Dried fish and sacks of sugar,
rice and beans piled high on sheets,
crushed coffee, frying platinos,
coconut dulces and lemons.
Haitian contraband t-shirts from America,
shoes for an army mis-sized and tattered,
hand-stitched trousers and woven jackets,
straw hats with flowery bands about their middles.
Old women twirling strands of tobacco,
leaves burning in hand-carved pipes;
campo men haggling over burros,
looking longingly at domino bars;
soldiers swaggering with heavy guns,
forcing personal paths through the crowd;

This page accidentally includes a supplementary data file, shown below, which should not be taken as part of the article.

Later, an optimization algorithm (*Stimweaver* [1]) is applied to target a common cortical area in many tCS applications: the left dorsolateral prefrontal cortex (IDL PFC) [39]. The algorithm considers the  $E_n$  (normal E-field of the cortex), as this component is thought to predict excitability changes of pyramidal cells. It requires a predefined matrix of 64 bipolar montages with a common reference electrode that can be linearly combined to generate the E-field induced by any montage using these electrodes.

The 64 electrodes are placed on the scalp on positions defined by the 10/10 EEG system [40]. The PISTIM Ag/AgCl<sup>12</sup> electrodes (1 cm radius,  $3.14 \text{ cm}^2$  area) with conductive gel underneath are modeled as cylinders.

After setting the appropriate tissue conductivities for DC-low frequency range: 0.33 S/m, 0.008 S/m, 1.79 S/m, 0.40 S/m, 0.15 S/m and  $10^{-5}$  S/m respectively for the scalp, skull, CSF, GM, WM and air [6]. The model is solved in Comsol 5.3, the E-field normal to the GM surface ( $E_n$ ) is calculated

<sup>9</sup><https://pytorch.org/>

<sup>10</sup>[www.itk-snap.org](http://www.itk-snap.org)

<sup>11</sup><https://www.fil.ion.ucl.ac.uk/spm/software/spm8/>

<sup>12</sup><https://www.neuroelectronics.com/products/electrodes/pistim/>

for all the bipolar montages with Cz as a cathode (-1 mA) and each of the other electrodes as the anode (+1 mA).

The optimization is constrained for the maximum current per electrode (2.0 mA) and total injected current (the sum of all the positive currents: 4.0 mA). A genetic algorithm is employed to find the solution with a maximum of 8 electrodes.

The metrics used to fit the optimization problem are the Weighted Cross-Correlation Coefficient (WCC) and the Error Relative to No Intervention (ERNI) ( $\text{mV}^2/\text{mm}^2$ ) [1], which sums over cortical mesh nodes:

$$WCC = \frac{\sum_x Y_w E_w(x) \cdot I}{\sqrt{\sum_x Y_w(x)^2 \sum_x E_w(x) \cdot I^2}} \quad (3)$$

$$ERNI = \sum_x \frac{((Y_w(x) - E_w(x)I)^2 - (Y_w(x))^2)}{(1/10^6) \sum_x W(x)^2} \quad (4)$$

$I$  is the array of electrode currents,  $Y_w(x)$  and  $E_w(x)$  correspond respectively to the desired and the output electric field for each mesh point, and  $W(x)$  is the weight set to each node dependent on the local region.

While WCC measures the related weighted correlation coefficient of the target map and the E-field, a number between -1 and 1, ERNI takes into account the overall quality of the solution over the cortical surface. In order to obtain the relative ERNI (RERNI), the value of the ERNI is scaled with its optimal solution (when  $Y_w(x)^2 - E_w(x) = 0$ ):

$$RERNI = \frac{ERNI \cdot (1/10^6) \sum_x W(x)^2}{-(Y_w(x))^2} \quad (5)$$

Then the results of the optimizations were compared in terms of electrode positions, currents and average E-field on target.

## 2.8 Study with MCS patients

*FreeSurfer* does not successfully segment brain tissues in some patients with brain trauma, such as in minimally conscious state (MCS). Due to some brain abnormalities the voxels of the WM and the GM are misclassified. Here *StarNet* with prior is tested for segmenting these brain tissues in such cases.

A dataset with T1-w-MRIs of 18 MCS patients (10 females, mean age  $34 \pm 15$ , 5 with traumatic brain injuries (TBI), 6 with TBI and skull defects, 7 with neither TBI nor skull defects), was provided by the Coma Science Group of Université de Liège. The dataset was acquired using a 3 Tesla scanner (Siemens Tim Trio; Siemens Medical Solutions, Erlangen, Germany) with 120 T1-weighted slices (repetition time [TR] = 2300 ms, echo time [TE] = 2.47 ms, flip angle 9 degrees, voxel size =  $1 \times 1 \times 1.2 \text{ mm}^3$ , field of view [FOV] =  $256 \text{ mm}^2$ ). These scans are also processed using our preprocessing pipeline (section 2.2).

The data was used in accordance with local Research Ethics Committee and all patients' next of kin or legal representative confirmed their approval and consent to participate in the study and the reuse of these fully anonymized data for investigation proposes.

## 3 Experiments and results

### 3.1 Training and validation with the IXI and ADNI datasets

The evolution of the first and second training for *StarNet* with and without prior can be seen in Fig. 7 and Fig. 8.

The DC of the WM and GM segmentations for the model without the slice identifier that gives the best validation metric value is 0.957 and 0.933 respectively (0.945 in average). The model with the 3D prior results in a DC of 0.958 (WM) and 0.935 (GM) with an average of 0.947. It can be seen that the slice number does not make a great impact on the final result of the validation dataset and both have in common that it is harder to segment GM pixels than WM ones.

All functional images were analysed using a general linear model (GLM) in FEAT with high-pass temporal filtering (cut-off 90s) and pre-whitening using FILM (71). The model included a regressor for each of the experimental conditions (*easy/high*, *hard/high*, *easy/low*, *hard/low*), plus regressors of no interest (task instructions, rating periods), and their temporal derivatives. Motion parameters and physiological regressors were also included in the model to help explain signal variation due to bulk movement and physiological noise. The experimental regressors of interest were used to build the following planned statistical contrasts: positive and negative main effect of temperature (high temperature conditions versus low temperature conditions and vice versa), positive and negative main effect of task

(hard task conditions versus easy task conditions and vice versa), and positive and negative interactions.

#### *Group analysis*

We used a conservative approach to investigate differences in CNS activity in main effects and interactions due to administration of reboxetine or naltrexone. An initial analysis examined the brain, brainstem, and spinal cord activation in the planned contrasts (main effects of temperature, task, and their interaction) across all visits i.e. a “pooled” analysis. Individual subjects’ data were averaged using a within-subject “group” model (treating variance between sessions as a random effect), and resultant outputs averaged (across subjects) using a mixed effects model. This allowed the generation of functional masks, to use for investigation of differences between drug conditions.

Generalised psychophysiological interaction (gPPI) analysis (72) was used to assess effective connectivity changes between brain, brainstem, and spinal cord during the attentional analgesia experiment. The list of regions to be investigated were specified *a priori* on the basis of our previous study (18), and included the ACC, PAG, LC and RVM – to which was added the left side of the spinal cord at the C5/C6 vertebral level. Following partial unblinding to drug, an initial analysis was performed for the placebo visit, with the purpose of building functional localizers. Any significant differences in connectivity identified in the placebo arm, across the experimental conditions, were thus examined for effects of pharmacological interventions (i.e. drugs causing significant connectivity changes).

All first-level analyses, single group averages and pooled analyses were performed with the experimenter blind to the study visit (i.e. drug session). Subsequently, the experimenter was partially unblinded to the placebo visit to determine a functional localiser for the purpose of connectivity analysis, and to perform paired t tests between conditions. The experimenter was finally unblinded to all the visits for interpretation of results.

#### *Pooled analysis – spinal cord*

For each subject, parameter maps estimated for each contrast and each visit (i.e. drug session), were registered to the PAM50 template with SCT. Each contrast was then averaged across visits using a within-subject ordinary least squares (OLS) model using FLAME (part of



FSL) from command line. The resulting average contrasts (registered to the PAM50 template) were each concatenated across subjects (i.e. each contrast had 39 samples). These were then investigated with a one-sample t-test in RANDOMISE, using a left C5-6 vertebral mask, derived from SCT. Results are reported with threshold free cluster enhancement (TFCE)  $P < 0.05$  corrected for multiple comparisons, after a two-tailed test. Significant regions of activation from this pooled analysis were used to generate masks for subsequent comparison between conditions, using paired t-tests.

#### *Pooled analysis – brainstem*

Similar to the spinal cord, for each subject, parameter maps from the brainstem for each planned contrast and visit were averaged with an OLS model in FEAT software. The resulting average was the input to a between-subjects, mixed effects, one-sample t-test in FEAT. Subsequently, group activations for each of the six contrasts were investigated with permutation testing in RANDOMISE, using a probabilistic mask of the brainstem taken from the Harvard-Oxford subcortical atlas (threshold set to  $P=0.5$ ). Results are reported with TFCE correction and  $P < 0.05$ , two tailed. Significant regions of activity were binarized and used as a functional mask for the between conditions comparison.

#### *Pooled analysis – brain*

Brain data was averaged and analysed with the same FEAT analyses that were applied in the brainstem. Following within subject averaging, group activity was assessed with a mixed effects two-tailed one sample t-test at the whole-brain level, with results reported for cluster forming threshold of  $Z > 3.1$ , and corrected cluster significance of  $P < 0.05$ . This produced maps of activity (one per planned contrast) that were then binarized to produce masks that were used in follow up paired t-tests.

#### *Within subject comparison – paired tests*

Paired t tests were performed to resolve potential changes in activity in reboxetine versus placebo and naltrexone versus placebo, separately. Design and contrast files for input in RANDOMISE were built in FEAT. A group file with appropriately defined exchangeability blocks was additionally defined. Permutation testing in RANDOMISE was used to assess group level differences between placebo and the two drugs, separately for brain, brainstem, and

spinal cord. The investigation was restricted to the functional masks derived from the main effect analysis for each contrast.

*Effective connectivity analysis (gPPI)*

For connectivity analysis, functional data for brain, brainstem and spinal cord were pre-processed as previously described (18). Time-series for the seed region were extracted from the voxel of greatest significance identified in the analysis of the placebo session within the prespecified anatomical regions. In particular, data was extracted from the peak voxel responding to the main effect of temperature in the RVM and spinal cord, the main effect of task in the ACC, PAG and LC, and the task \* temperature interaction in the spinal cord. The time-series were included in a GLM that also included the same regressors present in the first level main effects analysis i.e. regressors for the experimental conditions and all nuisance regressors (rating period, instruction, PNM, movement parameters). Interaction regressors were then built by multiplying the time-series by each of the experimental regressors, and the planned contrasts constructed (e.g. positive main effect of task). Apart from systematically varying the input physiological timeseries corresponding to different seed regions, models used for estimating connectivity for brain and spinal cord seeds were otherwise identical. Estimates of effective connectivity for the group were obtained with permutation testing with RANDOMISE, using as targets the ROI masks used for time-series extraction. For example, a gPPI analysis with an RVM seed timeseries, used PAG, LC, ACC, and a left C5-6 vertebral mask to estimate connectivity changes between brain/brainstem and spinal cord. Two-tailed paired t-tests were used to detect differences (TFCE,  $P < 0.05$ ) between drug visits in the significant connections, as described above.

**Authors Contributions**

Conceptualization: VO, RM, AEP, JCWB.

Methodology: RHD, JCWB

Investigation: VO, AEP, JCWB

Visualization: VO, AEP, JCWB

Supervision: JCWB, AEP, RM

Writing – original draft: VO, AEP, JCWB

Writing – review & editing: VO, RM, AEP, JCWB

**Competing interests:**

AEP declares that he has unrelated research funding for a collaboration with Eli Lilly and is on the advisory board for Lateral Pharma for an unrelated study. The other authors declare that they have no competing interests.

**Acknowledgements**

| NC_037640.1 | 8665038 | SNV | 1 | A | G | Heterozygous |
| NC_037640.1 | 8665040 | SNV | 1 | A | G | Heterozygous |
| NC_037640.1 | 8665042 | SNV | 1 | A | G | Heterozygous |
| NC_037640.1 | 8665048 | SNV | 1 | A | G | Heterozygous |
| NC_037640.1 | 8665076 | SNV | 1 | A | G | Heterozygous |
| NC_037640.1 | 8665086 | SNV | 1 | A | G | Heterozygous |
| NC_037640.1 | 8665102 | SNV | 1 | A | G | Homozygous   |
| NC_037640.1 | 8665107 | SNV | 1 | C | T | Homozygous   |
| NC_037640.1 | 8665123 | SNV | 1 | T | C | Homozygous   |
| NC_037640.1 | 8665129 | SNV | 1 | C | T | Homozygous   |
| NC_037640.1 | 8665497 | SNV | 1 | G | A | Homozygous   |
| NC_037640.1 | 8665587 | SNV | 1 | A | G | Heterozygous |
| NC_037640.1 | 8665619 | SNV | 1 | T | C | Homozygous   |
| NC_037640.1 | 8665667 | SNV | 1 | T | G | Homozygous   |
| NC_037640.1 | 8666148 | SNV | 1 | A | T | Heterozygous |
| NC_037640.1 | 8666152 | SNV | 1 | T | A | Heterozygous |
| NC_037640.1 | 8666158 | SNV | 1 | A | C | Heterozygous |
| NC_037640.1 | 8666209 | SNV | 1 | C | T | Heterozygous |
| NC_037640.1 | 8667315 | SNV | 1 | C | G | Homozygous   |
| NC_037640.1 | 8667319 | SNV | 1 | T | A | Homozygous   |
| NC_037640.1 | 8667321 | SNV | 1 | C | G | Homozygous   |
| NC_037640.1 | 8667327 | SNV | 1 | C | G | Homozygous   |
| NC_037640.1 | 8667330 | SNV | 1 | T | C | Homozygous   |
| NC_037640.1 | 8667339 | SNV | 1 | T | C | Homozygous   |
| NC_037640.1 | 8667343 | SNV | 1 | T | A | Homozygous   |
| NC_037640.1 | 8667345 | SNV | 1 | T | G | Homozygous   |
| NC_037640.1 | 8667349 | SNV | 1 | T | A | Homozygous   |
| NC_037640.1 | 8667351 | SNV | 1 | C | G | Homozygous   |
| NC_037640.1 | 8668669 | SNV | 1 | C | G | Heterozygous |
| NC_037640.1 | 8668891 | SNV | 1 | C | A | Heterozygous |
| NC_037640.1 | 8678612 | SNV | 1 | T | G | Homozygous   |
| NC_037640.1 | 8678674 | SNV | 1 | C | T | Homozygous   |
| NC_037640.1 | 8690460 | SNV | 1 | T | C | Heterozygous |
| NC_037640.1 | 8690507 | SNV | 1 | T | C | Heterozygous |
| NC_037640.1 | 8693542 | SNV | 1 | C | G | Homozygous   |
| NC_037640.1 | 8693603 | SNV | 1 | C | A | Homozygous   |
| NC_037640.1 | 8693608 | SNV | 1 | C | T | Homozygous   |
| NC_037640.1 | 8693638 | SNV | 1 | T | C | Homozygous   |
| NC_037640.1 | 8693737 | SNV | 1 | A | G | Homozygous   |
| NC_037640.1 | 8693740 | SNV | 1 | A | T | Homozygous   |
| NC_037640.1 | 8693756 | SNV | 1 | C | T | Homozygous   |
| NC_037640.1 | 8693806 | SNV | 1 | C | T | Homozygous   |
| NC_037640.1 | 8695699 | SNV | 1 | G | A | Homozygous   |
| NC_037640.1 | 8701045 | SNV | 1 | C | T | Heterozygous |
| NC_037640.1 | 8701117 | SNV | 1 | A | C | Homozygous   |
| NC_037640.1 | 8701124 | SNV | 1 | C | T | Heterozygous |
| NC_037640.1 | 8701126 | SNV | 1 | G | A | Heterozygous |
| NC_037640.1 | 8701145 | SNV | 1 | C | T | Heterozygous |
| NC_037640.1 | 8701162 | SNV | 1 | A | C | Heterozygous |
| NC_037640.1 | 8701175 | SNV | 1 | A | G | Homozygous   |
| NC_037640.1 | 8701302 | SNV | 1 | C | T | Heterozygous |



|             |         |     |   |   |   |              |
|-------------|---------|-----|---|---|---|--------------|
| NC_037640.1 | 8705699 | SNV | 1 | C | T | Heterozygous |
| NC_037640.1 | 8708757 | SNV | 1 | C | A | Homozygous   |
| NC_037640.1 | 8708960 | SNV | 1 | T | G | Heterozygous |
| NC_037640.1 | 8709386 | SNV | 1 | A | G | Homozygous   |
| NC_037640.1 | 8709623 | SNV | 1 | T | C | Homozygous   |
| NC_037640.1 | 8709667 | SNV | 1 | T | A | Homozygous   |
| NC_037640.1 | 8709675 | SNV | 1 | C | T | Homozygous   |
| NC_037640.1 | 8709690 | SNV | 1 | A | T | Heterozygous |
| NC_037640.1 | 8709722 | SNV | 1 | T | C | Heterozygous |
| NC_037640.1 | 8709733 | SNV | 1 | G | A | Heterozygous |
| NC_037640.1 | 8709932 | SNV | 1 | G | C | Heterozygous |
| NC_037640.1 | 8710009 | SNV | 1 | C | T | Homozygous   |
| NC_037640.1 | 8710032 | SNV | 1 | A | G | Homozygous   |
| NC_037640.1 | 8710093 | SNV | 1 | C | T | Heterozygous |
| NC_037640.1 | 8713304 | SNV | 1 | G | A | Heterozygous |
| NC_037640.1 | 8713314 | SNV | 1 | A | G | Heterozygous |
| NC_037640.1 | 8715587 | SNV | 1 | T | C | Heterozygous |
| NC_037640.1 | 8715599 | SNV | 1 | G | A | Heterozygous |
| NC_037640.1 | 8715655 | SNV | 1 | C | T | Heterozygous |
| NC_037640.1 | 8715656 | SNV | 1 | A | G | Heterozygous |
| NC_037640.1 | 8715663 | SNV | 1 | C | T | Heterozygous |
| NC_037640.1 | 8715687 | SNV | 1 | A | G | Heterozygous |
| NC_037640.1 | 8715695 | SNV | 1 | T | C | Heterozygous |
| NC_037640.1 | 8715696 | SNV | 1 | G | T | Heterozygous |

shoe-shine boys tugging at my shirt,
offering to buff my sneakers for a peso.
The massacre of chickens, their feet pedaling
in buckets upside down;
the waiting of mules, picking at the scrabble
on the church lawn;
the chanting of flies, Te Deum hymns to the sun
and strips of meat.
The town I visited in the Dominican Republic had a regional market, which was the most amazing crossroads of goods and services. I had never seen anything quite like it, though I’d read about places like it in Bowles and Burroughs. In my neighborhood now I visit places like El Mercado Central and the Midtown Global Market that have a good mix of things, but no open-air poultry abattoir nor dried meat rotting in the sun.